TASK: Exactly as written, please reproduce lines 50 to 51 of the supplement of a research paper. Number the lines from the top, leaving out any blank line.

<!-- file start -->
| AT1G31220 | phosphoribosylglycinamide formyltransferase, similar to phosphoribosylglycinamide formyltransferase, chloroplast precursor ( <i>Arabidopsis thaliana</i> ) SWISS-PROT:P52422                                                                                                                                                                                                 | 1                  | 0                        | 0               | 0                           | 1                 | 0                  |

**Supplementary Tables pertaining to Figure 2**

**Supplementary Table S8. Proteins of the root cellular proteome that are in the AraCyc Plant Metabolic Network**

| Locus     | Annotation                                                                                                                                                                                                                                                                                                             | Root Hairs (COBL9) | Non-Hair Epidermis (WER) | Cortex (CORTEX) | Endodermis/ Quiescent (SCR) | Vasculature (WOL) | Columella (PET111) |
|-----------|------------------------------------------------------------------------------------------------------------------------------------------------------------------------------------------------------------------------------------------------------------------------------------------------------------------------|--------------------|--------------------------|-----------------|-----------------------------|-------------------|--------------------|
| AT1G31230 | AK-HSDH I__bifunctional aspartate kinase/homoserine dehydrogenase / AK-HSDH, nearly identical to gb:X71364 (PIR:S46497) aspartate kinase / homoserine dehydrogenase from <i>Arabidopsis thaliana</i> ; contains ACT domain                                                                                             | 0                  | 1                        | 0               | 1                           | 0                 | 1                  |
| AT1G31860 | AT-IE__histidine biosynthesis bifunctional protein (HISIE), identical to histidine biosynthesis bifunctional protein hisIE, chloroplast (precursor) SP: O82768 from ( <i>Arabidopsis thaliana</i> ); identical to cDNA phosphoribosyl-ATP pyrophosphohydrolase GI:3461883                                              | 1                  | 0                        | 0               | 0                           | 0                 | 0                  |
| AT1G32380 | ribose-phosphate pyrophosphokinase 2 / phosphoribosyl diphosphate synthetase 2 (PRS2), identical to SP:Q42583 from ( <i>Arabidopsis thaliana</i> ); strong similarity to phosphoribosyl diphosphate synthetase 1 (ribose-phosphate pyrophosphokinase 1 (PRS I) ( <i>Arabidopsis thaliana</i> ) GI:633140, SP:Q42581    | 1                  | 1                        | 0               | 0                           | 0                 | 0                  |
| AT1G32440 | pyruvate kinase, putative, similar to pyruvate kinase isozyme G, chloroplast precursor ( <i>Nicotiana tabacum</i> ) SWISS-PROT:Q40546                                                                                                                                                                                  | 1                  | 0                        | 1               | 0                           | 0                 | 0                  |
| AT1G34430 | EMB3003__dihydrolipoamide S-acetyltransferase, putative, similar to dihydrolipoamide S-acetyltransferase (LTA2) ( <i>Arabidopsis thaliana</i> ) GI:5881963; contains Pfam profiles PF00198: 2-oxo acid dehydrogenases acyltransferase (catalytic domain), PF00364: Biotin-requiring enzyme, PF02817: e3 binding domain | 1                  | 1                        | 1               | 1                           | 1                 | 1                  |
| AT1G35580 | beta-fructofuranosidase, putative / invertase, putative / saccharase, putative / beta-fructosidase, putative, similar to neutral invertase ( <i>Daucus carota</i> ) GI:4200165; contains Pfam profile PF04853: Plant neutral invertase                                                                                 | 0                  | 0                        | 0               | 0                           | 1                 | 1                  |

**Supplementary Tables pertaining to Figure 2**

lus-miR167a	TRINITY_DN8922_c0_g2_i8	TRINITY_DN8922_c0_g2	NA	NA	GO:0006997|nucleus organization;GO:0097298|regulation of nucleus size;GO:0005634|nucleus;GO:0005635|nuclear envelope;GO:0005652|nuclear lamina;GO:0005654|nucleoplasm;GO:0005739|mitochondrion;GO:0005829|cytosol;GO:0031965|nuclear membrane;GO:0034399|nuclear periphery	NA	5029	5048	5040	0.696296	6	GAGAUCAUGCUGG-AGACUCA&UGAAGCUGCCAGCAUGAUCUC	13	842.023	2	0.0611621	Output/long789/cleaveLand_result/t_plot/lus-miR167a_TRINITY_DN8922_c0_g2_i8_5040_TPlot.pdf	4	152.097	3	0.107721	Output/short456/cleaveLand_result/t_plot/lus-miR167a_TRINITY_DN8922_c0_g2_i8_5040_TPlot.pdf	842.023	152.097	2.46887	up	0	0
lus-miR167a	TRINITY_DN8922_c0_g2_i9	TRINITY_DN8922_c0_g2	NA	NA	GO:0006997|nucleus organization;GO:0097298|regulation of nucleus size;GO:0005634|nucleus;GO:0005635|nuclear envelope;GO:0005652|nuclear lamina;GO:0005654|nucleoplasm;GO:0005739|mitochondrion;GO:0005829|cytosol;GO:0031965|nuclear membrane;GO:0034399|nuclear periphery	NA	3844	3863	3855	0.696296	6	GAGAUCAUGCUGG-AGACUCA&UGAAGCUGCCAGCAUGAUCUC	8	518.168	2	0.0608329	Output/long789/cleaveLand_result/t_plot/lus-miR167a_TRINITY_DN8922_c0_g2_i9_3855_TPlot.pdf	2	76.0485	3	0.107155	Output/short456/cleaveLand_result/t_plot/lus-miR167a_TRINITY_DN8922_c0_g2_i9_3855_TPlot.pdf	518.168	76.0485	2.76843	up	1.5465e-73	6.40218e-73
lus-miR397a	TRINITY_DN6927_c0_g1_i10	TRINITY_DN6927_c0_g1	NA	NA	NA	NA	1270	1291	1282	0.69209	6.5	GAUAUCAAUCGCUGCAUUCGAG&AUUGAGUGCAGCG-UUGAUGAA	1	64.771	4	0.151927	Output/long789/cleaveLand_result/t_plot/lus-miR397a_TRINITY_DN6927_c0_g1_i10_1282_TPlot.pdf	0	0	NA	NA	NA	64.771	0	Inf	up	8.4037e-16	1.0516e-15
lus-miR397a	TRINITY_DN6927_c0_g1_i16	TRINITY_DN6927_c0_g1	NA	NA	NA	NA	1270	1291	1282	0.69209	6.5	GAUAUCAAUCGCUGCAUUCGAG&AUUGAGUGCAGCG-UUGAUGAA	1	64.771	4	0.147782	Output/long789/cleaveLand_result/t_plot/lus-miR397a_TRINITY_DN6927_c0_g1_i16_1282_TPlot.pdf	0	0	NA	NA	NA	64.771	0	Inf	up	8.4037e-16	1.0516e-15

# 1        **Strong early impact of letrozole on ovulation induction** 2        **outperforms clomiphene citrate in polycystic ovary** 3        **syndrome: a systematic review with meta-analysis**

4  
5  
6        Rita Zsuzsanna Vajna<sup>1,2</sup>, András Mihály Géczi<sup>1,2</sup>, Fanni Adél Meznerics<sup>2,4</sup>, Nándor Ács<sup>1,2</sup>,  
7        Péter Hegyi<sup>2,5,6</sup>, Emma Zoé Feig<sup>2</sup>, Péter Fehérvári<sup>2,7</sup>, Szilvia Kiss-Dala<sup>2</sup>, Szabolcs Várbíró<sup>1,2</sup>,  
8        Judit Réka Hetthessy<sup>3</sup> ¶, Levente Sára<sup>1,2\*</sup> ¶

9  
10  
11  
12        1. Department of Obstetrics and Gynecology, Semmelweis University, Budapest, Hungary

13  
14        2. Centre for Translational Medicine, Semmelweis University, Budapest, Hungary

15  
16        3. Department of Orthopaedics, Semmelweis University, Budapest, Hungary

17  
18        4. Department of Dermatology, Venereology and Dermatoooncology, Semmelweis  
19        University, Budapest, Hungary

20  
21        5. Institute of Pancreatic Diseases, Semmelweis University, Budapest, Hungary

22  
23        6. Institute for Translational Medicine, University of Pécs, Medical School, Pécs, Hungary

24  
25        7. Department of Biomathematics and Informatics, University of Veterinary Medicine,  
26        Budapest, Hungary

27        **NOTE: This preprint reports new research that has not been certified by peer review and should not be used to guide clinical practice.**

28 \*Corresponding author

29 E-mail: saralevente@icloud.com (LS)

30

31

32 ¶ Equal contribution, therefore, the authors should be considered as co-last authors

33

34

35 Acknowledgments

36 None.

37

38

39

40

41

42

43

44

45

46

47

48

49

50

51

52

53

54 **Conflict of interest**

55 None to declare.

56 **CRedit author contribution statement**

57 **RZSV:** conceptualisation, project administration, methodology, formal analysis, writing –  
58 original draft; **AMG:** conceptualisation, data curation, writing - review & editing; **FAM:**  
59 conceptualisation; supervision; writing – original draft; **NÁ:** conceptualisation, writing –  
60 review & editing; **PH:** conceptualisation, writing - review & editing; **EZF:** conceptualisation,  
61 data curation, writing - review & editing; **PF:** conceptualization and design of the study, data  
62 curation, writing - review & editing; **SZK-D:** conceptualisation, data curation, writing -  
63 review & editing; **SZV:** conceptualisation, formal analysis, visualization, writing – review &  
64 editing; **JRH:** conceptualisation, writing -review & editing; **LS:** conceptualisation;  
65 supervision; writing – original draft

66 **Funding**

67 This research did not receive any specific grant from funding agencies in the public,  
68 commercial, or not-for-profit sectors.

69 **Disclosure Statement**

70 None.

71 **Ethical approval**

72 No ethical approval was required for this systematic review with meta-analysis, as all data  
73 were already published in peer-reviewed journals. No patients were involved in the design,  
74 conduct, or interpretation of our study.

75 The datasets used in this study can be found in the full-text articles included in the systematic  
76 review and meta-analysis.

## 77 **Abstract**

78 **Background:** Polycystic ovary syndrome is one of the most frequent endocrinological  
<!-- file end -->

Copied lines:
36 None.

37